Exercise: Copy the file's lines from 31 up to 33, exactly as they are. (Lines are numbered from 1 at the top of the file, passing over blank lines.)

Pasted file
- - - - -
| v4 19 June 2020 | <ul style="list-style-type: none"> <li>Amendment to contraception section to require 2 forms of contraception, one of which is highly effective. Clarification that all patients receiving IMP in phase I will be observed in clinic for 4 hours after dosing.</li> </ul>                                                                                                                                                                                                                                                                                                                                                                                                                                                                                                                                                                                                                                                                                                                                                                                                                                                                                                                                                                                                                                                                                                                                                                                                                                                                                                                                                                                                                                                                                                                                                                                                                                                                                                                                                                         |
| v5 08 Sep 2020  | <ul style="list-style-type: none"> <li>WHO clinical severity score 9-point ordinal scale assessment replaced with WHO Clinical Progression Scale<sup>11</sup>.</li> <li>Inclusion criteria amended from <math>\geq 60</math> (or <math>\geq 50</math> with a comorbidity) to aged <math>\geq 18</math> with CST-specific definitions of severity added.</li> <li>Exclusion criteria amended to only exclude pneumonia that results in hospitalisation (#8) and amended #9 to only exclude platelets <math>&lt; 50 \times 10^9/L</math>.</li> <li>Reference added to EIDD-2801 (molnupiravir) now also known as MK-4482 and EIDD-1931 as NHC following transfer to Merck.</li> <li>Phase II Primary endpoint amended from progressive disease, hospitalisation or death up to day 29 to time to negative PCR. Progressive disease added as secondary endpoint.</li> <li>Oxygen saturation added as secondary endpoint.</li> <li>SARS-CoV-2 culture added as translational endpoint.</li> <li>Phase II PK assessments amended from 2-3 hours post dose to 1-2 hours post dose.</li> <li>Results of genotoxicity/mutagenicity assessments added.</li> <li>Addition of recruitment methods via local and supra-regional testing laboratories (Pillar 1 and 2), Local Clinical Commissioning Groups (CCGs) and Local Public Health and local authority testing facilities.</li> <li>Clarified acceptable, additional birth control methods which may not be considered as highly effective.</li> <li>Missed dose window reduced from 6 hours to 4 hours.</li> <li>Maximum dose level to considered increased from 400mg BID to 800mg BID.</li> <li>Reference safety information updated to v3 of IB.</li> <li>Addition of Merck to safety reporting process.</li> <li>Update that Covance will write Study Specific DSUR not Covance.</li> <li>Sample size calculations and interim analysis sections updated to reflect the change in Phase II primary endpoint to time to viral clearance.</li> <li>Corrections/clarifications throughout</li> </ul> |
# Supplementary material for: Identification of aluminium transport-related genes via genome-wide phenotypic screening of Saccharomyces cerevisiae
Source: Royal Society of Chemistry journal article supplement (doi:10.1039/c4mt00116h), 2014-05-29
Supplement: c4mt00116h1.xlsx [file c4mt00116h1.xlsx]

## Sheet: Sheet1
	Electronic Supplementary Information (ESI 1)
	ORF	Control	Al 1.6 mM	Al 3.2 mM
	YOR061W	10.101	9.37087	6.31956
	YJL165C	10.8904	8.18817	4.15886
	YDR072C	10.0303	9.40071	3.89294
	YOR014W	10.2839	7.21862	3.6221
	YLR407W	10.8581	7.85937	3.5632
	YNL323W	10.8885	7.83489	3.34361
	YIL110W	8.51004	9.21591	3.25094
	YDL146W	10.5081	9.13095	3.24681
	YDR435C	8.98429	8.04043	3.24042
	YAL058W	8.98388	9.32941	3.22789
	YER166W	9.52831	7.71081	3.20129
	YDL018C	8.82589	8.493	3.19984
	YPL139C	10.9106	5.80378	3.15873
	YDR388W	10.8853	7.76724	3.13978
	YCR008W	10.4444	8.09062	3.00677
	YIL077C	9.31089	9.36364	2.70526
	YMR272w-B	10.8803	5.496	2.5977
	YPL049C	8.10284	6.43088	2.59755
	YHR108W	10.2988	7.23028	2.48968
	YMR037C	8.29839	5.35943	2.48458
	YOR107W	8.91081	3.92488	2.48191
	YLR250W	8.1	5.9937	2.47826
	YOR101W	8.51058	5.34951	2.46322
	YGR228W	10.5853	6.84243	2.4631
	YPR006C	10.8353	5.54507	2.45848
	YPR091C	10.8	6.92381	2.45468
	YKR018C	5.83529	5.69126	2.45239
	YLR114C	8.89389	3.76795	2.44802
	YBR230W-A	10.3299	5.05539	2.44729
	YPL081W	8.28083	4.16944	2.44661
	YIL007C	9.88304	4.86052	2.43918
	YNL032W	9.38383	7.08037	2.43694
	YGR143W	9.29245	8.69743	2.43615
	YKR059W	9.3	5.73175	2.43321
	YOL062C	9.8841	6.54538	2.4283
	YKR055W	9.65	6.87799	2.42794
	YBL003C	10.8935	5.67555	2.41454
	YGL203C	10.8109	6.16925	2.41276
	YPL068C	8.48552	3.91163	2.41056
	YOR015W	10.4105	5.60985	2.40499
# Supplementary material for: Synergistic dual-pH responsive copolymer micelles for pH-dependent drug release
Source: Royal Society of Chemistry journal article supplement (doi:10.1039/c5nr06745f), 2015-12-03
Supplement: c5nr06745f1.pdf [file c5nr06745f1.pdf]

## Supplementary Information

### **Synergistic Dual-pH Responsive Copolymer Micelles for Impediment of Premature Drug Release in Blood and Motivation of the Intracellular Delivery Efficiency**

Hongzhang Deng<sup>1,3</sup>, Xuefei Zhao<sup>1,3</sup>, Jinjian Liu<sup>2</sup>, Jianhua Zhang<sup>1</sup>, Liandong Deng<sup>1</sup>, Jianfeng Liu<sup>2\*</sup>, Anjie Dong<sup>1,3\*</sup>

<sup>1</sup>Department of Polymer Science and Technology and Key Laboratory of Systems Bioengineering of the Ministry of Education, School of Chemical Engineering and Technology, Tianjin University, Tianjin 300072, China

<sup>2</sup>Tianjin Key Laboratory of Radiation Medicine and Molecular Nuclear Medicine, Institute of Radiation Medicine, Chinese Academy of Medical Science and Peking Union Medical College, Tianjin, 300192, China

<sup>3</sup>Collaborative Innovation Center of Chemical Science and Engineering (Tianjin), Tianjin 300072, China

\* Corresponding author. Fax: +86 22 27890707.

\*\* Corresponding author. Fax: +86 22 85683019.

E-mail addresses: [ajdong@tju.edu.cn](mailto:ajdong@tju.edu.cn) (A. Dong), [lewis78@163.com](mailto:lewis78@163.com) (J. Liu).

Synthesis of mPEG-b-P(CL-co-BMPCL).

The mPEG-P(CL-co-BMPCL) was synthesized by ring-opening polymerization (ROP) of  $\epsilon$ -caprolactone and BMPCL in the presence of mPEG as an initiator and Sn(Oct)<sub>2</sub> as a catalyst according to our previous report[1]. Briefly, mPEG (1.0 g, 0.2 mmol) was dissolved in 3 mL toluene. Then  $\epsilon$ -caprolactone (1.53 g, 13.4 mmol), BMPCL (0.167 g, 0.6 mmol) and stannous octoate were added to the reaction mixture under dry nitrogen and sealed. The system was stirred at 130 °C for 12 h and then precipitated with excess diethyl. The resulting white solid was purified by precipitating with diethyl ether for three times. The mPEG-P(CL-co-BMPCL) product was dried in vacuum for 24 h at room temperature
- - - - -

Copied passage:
	YOR101W	8.51058	5.34951	2.46322
	YGR228W	10.5853	6.84243	2.4631
	YPR006C	10.8353	5.54507	2.45848